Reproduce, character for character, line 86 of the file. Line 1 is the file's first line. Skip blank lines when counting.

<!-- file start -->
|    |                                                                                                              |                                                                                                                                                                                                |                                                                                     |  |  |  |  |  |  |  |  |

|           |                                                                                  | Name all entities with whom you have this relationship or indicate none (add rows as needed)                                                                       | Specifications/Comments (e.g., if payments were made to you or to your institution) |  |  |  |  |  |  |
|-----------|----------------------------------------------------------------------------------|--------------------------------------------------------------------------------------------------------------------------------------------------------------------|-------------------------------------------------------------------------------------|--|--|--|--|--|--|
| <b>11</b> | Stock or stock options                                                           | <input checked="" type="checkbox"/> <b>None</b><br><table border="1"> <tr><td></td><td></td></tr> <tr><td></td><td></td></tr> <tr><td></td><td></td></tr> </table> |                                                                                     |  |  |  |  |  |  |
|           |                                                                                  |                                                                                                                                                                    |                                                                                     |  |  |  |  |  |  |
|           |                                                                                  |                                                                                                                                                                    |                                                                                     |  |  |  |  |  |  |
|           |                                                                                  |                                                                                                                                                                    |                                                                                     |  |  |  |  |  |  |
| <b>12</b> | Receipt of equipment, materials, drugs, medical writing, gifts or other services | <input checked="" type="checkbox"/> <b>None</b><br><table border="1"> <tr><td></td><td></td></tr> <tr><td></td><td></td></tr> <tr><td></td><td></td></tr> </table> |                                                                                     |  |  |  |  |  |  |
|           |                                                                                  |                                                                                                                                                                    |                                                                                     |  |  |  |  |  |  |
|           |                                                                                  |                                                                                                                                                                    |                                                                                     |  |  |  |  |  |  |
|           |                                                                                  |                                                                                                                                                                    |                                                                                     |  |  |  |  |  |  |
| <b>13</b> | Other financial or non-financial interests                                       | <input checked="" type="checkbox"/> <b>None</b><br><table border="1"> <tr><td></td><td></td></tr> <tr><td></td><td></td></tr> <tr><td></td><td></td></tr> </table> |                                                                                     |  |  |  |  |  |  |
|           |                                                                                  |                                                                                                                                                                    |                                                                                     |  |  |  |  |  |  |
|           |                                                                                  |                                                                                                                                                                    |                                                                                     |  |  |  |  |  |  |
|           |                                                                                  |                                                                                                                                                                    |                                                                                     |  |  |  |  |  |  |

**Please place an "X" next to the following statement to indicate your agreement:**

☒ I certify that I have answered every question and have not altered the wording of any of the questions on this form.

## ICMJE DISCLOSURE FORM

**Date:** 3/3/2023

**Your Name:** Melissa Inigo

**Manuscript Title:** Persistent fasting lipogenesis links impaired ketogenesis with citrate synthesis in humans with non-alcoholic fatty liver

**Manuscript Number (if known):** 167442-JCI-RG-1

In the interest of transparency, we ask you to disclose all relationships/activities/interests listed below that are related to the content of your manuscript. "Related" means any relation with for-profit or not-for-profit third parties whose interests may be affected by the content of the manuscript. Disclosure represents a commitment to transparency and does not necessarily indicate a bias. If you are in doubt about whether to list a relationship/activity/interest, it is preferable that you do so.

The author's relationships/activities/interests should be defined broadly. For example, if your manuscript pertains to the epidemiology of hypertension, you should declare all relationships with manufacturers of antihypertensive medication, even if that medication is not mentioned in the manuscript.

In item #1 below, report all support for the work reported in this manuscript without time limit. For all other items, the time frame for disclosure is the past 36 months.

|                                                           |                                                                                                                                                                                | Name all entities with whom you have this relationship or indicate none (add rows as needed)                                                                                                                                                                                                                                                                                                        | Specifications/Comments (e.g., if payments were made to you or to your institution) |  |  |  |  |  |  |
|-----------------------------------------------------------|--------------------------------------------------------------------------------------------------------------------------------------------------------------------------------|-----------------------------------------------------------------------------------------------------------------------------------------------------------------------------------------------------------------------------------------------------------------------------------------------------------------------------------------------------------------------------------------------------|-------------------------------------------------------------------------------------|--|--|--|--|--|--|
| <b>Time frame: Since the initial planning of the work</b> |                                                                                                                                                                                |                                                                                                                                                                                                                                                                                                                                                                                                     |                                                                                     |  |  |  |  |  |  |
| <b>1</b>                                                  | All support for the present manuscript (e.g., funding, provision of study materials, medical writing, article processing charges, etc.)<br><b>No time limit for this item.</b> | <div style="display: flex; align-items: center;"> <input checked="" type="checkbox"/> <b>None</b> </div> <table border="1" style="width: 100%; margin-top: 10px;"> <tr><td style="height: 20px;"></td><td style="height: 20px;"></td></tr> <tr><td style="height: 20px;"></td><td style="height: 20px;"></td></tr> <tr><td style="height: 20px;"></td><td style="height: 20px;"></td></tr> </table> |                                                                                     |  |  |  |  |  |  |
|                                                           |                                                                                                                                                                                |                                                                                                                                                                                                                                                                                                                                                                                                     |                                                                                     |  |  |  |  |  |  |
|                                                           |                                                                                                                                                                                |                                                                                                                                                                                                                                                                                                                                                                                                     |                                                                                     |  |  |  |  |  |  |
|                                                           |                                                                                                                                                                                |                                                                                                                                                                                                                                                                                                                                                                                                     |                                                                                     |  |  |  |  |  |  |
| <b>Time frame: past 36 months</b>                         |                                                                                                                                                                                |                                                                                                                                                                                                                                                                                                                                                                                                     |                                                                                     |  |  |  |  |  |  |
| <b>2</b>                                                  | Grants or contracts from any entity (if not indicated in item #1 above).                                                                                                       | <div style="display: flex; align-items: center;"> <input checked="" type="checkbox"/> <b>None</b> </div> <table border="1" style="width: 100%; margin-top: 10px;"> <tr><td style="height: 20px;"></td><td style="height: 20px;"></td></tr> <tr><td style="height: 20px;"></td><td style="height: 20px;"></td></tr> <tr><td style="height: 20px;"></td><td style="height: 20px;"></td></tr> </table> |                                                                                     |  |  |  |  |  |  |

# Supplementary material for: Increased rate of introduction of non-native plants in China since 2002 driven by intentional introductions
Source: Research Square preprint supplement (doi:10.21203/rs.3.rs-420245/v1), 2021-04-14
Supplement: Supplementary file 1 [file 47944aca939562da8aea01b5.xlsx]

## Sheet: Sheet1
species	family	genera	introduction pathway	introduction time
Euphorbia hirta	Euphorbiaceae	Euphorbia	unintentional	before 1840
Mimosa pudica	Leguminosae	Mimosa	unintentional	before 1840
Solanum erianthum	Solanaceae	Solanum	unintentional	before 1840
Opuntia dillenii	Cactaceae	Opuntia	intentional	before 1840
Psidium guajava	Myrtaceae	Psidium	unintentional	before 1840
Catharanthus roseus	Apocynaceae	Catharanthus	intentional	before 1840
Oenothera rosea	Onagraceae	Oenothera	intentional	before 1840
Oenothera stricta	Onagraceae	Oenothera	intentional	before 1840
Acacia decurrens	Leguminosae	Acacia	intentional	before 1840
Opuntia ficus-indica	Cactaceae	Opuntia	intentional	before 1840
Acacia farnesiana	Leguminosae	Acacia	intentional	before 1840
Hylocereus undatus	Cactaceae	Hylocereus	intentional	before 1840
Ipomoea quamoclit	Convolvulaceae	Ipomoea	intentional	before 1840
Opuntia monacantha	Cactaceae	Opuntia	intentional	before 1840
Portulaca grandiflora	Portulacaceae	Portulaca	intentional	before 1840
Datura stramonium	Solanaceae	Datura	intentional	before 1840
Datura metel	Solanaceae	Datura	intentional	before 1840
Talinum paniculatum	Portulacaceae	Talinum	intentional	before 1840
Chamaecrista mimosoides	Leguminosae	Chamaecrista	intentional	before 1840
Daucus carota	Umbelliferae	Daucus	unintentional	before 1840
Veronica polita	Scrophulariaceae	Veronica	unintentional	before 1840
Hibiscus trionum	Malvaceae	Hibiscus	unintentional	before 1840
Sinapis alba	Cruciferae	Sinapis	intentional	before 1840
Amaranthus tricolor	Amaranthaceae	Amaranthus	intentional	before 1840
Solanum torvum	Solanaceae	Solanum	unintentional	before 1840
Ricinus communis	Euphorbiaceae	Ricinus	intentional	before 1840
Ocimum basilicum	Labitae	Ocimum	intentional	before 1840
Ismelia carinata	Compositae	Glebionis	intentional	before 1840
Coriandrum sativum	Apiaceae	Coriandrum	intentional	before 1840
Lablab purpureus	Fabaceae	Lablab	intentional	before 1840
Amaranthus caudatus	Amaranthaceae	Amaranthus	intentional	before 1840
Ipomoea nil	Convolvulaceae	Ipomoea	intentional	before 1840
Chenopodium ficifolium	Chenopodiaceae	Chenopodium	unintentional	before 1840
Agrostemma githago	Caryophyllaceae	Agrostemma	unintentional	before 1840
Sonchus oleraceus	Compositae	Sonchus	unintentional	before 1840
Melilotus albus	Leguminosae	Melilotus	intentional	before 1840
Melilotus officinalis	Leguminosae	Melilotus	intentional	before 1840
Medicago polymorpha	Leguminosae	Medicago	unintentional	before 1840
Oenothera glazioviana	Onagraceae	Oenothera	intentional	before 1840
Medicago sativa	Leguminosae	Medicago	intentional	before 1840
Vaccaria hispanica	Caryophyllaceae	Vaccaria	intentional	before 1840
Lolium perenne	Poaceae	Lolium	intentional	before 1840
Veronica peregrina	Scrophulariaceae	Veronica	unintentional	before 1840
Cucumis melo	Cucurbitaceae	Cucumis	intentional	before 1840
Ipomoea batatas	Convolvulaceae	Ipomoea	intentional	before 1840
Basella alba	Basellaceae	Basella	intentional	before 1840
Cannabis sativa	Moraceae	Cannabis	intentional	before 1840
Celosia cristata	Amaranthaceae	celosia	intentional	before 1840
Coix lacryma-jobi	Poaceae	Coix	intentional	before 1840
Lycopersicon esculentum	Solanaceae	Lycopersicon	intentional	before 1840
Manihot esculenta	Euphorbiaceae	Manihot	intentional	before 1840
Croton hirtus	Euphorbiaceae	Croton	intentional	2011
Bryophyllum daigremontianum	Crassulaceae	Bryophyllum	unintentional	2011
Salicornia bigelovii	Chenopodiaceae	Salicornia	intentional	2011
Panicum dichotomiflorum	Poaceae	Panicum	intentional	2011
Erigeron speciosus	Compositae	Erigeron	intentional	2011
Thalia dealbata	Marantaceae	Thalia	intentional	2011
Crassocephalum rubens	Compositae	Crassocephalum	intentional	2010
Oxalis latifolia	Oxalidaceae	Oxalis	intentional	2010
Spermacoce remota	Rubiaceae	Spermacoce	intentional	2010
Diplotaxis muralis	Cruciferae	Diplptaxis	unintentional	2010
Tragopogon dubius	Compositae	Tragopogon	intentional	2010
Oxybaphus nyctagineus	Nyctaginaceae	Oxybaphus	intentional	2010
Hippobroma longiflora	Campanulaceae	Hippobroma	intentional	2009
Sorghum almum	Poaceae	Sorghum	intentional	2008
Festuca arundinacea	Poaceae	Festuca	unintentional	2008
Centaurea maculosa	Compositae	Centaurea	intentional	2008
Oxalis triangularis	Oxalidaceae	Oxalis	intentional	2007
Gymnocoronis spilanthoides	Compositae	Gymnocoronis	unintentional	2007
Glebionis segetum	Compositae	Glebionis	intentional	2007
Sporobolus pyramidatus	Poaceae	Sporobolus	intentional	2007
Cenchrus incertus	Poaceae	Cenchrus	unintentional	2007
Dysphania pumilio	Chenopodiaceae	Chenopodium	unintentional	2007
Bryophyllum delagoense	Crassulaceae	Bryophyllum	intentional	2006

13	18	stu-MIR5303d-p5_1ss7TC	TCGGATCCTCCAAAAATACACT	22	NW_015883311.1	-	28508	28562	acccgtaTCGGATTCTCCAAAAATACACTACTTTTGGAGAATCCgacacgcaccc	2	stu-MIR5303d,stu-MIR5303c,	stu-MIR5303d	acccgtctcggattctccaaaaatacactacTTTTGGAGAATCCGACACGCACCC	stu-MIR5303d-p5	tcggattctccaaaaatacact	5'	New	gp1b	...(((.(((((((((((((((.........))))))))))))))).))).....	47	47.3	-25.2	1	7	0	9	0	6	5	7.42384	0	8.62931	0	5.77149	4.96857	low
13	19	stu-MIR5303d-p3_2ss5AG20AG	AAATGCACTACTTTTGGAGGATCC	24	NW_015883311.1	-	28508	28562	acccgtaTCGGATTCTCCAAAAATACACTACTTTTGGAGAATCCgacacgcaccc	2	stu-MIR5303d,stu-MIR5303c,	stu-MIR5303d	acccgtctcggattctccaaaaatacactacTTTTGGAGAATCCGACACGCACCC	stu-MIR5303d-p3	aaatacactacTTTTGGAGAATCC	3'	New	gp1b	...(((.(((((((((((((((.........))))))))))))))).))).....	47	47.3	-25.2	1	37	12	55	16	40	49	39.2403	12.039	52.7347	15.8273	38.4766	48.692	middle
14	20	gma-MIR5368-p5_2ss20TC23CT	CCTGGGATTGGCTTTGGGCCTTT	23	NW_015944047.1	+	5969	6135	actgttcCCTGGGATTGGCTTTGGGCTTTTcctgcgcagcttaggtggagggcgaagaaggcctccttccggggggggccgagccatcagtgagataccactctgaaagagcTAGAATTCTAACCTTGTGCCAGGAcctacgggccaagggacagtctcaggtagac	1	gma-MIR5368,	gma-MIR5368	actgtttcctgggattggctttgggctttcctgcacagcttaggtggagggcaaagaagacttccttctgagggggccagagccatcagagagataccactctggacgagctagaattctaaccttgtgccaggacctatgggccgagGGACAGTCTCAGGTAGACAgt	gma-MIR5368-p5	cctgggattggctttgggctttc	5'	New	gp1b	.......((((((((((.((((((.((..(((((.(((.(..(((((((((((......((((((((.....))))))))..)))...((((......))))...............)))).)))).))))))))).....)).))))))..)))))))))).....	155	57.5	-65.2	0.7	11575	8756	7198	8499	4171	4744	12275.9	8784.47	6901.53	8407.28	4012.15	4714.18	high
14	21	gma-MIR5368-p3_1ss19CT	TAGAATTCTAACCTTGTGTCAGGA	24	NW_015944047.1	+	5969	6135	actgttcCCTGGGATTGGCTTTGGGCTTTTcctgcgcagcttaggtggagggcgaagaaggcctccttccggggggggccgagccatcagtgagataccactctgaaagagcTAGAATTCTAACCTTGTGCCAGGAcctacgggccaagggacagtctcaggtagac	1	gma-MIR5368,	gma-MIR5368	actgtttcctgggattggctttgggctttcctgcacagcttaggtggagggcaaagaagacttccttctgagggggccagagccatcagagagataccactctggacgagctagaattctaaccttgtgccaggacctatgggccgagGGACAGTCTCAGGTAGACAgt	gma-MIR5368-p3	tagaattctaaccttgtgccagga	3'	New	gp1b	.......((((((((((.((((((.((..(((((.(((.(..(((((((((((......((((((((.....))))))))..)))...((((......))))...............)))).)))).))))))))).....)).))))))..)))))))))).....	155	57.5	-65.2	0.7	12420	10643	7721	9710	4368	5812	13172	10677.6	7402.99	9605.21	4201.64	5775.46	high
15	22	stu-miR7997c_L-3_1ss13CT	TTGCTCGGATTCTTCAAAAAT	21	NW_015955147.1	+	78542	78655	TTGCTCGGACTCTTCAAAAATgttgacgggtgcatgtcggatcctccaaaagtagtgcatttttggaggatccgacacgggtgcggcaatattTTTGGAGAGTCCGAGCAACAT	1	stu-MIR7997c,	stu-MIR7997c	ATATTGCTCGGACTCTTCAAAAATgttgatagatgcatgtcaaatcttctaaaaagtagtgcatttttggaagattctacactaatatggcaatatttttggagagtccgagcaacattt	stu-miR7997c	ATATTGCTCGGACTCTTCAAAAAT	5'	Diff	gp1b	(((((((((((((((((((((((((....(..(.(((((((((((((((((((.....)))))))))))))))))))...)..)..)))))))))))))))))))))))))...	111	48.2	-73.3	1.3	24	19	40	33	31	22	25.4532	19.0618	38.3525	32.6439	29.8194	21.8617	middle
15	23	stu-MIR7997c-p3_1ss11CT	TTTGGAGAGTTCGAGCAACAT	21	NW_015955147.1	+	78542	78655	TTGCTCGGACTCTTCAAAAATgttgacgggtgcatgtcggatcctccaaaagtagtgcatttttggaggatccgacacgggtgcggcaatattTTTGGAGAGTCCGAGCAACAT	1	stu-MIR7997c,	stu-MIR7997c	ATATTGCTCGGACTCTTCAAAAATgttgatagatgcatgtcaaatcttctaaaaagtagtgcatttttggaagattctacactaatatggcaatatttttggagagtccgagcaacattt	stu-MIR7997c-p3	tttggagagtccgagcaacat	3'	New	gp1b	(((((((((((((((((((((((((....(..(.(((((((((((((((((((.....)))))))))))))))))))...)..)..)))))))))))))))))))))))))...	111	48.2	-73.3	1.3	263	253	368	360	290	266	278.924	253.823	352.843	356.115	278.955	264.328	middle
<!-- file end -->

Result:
Cannabis sativa	Moraceae	Cannabis	intentional	before 1840